And there are purely social groups, like quiz nights, game nights, and packed lunches.

The hope is that the Utah Pride Center’s programs will “fight isolation” and “create a social network for seniors,” Bandeirinha said. “It happens a lot in our population of all ages. Isolation increases and loneliness increases. But of course this happens even more in the older population. And COVID hasn’t helped.”

The goals of the center include not only providing advice and help with medical care and housing, but also building a sense of community. And hopefully the support for seniors is part of it.

In the midst of the pandemic, there is a high demand for support groups and therapies, Martinez said. “But now the need for social interaction has become much stronger,” Martinez said. “And so people want to have gatherings, they want to do fun things. Less support and more social interaction.”

Demand for it has skyrocketed since the Utah Pride Center nearly closed due to pandemic lockdowns. “Now that we’re out of COVID disease, the number of our support groups is at an all-time high,” Martinez said.

The number of participants in the various programs ranges from 15 to 40. The group that consistently attracts the most people is the transgender and non-binary support group, which attracts 25 or more people to meetings.

“We’re running out of space. And because we have so many more support groups — we have two to three a night — we’re running out of space to accommodate everyone,” Martinez said. “And as we get out of that phase where people want online support and want more social or face-to-face interaction, we have to scale to scale [the groups] they come in person.”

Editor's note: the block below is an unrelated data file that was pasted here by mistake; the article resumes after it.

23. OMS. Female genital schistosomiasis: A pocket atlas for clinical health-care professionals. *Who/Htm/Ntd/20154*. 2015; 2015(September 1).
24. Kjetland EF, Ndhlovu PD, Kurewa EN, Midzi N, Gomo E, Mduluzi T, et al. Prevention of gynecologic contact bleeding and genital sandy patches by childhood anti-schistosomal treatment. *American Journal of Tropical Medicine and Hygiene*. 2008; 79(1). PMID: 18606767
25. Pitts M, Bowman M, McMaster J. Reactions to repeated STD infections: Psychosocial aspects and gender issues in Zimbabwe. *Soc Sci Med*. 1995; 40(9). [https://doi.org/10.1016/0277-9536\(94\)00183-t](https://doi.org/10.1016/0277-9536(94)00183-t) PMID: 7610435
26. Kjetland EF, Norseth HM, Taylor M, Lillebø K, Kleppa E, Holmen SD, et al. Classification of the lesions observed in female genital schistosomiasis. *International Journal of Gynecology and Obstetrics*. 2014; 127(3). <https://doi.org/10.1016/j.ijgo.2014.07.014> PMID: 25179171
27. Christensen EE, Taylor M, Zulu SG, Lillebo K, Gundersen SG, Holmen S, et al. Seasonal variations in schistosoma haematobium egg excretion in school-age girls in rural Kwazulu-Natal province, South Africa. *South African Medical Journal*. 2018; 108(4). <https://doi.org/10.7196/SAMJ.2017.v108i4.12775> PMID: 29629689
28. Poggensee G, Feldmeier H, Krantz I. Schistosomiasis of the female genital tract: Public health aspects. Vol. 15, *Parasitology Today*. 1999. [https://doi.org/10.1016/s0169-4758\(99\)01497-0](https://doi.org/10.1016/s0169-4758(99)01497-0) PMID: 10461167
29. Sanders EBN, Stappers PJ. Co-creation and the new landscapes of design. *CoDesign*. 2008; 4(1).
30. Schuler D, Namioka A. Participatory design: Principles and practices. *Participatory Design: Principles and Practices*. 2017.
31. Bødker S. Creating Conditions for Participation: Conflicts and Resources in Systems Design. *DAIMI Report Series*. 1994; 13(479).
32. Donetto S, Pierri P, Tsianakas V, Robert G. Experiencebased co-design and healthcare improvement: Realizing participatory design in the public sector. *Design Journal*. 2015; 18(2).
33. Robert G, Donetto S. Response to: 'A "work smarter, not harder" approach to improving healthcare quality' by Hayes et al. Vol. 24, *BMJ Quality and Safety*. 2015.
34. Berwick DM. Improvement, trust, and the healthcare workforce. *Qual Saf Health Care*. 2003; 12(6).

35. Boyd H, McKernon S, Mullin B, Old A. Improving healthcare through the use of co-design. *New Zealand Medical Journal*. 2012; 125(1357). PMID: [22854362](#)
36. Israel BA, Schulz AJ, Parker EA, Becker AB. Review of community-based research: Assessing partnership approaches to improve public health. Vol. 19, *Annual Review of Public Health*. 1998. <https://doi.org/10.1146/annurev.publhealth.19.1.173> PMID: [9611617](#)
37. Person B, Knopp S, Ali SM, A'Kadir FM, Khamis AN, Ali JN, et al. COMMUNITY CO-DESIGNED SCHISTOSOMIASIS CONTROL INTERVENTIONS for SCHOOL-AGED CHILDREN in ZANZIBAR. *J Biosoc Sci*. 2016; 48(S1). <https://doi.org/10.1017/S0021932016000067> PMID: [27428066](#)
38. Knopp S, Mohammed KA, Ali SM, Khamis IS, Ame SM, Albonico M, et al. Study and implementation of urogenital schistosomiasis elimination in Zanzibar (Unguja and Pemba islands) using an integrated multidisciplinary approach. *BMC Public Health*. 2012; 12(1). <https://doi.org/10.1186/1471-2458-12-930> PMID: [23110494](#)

More can be done

The Utah Pride Center provides all the services it can for seniors, “but there could definitely be more services for our older population,” Bandeirinha said.

Martinez said under better circumstances — with more resources. The center would be able to provide transportation to medical appointments, home care, meals and transportation to the center for various events for older members of the LGBTQ+ community.

“A lot of this is a little harder without funding,” she said. “There is a liability that you have to pay for drivers. And you want to make sure they are comfortable and we pick them up where they are. And without funding, it becomes a little more difficult.”

A lack of funding — the center’s annual budget is about $4.2 million — is the limiting factor in just about everything the Utah Pride Center does.

“If we look at our senior program,” Bandeirinha said, “I think we see that we need to build capacity and expand capacity.” And of course that means more space and more staff. More training for everyone. And more funding.”

“Always,” Martinez said.

Justin Scaccy

InternetCloning is an automatic aggregator of the all world’s media. In each content, the hyperlink to the primary source is specified. All trademarks belong to their rightful owners, all materials to their authors. If you are the owner of the content and do not want us to publish your materials, please contact us by email – The content will be deleted within 24 hours.

Related Articles

Back to top button